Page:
As loyal as he is to cotton, he knows it must compete economically with other field crops, which it has been able to do lately with the growing use of drip irrigation that has increased yields and reduced costs.

Drip arrived in California in the mid-1970s from Israel, where it was developed. Now, virtually all new orchards and vineyards are established with some sort of micro-irrigation system. Thousands of acres of established permanent crops have also been converted to micro-irrigation to save water and labor.

In recent years, growers have adapted the technology for field crops, most notably high value crops like tomatoes, obtaining amazing yield increases and water savings. Because of the need for rotation, cotton has also benefited from this trend.

Now, however, drip is so inexpensive and the price of cotton much improved, growers are justifying it for cotton alone.

About 80 percent of Cameron’s crops are on drip, including most of the trees and all of the vines. He still must use sprinklers on carrots and onions, and 40 percent of his 700 acres of cotton is on drip.

That will eventually be 100 percent, he says. “Water has become too expensive not to use drip. We must be more efficient with water and fertilizer, which we can deliver via drip. Nitrogen through the drip system goes directly to the roots.”

“I was on a trip to western China a few years ago, looking at processing tomatoes, and I saw growers gravity feed drip lines with water from ditches and no filters. I said we can do that, but improve on it with a pump and a simple filter.”

He utilizes buried main lines with above-ground disposable, recyclable, lay-flat 6 mil drip tape to deliver water to cotton and other crops. Well water is filtered through self-flushing $2,500 screen filters. It cost him only about $250 per acre.

“We can manage plants so much better — uniformity is amazing, and water efficiency is more than 90 percent. Virtually every drop of water is used by the plants. There is no stress unless you manage for stress.”

He irrigates based on a simple evapotranspiration formula that tells him the daily plant water use. All well water is metered so he knows exactly how much is being applied.

It was not uncommon in the past to use 4 or even 5.5 acre feet of water on cotton, Cameron says. Today, he can grow 3-bale cotton with 2.5 acre feet of water or less.

“Drip makes so much sense. We can grow 60-ton tomatoes where we could grow maybe 45 without drip. You’re talking 15 tons more tomatoes per acre on 20 percent less ground than you would with furrow or sprinklers.”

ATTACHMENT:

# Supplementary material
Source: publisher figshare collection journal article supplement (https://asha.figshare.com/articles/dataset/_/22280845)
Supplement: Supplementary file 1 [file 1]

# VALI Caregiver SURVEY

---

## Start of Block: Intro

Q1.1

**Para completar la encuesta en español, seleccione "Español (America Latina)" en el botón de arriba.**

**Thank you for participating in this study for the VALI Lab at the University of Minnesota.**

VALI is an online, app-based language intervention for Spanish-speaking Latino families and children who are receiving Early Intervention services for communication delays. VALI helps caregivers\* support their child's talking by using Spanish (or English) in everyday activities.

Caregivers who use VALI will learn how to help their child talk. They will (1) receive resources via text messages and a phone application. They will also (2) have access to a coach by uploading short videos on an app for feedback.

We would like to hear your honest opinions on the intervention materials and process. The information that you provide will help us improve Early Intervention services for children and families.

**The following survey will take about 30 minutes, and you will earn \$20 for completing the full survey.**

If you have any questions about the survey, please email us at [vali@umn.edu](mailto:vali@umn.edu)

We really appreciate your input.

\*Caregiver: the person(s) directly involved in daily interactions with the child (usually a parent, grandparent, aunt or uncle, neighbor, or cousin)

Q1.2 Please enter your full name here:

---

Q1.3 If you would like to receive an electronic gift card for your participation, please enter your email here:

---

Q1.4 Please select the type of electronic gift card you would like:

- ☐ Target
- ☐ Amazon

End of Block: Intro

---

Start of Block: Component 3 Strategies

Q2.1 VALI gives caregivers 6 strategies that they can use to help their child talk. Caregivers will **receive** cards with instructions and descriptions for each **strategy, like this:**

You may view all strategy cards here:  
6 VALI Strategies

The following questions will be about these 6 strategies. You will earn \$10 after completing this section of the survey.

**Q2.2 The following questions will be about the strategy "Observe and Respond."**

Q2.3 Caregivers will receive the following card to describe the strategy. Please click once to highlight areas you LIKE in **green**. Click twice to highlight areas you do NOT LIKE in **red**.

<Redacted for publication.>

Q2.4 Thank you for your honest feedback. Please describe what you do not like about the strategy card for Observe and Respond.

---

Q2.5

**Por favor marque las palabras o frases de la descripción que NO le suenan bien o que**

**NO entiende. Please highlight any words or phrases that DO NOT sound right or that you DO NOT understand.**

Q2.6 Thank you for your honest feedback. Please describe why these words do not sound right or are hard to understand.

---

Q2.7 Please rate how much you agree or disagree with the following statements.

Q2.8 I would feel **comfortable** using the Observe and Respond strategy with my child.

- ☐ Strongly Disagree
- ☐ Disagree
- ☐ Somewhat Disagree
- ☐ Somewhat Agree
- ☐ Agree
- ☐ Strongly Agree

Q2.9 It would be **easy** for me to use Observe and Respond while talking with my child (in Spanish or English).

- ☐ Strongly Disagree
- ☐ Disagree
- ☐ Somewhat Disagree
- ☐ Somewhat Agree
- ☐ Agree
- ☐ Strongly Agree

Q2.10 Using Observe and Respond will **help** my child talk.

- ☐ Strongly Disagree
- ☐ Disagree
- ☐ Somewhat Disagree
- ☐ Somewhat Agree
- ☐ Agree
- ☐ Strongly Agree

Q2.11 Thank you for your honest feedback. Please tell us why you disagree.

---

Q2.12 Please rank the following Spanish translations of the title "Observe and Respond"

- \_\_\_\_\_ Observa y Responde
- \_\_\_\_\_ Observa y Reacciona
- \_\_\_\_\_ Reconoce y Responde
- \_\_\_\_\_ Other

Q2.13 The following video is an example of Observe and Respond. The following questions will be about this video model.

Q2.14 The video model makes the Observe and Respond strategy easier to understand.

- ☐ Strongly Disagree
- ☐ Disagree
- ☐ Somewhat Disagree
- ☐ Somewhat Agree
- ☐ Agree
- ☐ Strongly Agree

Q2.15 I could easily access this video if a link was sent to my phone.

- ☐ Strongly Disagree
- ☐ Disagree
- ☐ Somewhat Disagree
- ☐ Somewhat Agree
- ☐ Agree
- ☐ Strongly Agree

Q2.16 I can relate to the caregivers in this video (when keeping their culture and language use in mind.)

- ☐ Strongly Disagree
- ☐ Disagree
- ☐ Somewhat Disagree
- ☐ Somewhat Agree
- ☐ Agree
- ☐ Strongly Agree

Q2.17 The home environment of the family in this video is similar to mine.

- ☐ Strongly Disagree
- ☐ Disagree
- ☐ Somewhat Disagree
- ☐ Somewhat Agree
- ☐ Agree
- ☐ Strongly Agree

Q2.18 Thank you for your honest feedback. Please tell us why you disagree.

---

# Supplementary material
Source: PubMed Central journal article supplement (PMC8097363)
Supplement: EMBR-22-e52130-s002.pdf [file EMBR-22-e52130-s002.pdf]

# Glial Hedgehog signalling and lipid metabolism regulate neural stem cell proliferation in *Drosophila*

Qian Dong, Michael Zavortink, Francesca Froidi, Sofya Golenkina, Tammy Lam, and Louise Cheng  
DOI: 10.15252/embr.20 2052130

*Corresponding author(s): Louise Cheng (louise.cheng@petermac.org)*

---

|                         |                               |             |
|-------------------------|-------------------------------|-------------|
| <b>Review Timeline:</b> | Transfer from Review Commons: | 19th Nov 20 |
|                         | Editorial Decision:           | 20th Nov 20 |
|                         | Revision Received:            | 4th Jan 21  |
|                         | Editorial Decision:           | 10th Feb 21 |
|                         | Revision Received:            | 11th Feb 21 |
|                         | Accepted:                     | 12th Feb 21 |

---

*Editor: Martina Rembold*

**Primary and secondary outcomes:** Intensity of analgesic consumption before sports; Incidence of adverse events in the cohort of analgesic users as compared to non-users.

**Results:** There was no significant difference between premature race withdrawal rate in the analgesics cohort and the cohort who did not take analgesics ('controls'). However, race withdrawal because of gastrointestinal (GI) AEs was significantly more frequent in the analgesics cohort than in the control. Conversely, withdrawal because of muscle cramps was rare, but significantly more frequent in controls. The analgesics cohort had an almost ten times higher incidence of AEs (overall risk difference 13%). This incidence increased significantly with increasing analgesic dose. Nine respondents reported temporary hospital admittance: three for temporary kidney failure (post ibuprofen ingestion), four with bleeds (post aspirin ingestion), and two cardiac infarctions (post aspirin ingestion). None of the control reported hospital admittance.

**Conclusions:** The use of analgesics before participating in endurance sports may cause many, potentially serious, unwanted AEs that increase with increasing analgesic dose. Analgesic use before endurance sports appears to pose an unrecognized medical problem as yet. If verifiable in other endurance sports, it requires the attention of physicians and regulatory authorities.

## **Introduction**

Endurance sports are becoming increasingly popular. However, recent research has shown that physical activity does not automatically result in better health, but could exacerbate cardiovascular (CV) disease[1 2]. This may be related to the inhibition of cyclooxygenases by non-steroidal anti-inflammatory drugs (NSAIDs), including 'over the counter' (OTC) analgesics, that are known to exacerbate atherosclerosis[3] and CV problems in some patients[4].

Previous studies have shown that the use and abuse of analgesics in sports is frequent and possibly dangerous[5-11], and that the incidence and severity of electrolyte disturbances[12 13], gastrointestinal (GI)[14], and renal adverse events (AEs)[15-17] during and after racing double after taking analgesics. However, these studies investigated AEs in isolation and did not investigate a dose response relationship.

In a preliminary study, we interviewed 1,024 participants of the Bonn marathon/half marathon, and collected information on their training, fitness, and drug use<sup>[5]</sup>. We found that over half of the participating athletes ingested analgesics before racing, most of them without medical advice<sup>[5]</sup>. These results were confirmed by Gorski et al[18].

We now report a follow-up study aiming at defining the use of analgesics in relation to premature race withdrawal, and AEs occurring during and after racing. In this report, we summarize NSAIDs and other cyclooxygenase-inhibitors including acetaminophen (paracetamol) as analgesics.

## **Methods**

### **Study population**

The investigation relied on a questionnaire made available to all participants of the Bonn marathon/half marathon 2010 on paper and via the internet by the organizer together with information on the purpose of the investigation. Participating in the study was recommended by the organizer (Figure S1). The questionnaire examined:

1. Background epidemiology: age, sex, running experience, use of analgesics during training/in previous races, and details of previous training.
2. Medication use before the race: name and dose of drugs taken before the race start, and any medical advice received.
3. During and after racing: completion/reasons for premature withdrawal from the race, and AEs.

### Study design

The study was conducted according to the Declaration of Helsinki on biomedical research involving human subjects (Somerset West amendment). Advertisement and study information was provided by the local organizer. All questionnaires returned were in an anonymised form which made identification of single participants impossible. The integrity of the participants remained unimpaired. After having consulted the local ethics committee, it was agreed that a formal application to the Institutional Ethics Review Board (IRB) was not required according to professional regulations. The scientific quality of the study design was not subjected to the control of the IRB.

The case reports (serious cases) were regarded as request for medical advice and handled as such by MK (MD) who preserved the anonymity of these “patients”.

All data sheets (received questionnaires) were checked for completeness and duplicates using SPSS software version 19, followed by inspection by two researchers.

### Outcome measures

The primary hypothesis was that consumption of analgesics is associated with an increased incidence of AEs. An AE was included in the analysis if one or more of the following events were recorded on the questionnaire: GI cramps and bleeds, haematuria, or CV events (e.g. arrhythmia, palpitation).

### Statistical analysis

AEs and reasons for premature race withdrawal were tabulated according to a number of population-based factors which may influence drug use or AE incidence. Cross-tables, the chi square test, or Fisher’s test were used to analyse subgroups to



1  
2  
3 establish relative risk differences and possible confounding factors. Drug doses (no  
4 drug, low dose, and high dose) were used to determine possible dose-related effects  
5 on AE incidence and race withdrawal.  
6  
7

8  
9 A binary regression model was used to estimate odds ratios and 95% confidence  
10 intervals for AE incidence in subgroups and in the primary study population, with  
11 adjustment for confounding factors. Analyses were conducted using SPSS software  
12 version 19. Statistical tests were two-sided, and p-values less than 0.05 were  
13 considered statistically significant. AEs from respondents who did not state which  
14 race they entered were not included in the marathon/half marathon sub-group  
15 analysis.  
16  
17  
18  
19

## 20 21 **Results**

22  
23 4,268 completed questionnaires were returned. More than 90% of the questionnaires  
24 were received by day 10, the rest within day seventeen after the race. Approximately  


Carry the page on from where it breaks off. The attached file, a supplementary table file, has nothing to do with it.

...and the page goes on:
He grows many organic crops, and is one of only two or three organic Pima growers in the U.S. He had 190 acres of organic Pima last year.

Cotton is probably the most challenging crop to grow organically, he says, primarily because of weed control costs.

It was costing $450 to $600 per acre for hand weeding of furrow-irrigated, organic Pima. When he switched to drip, it cut his weeding bill to $227 in 2009. Unfortunately, early spring rains in 2011 sprouted many more weeds and the hand-weeding cost jumped back to $563 per acre.

He has to germinate weeds and mechanically take them out before planting organically certified cotton. Weeds continue to be a challenge after establishment, but with drip, he says, there are far fewer weeds to contend with during the season.

With 26 crops, it is obvious Cameron enjoys challenges. Organic cotton is definitely one, but he believes there is a lucrative market for it. And he goes right to the buyer to sell it.

He invited a group from an organic cotton apparel manufacturing firm to his farm a couple of years ago to show off not just his organic cotton, but conventional cotton as well. It wasn’t just conventional cotton, though — it was genetically modified, herbicide-resistant cotton.

“We drove by a field of biotech cotton, and you would have thought it was radioactive the way they reacted,” he laughs. “They were a rather opinionated group.

“We invited these clearly anti-GMO people to the farm to, first, be transparent about what we are doing and, second, to show them that farmers need to have choices.

“They told me organic cotton uses less water. I showed them that it doesn’t, because we have to pre-germinate weeds so we can get rid of them before we plant. That takes more water than conventional cotton.

“We also pointed out to them that we don’t have to spray biotech trait cotton as much for pests, and that biotech crops are more environmentally friendly.”

Biotech traits can also save a crop, he says. A case in point was a Roundup-resistant Pima (PhytoGen 805RF) field he planted late in 2011 due to a cold, wet spring. Weeds overran the plants at emergence, and he was considering replanting.

“The field was thick with nutgrass — you could hardly see the cotton. I treated twice with Roundup, and the cotton came on strong. It turned out to be one of my best fields; it went over 3 bales.”

Cameron says he probably will never know if he changed any minds in the anti-GMO group that visited his farm, but he believes it was worth the effort to try.

“If we can sway one person to support us down the road when we have an issue, it’s worth the effort,” he says.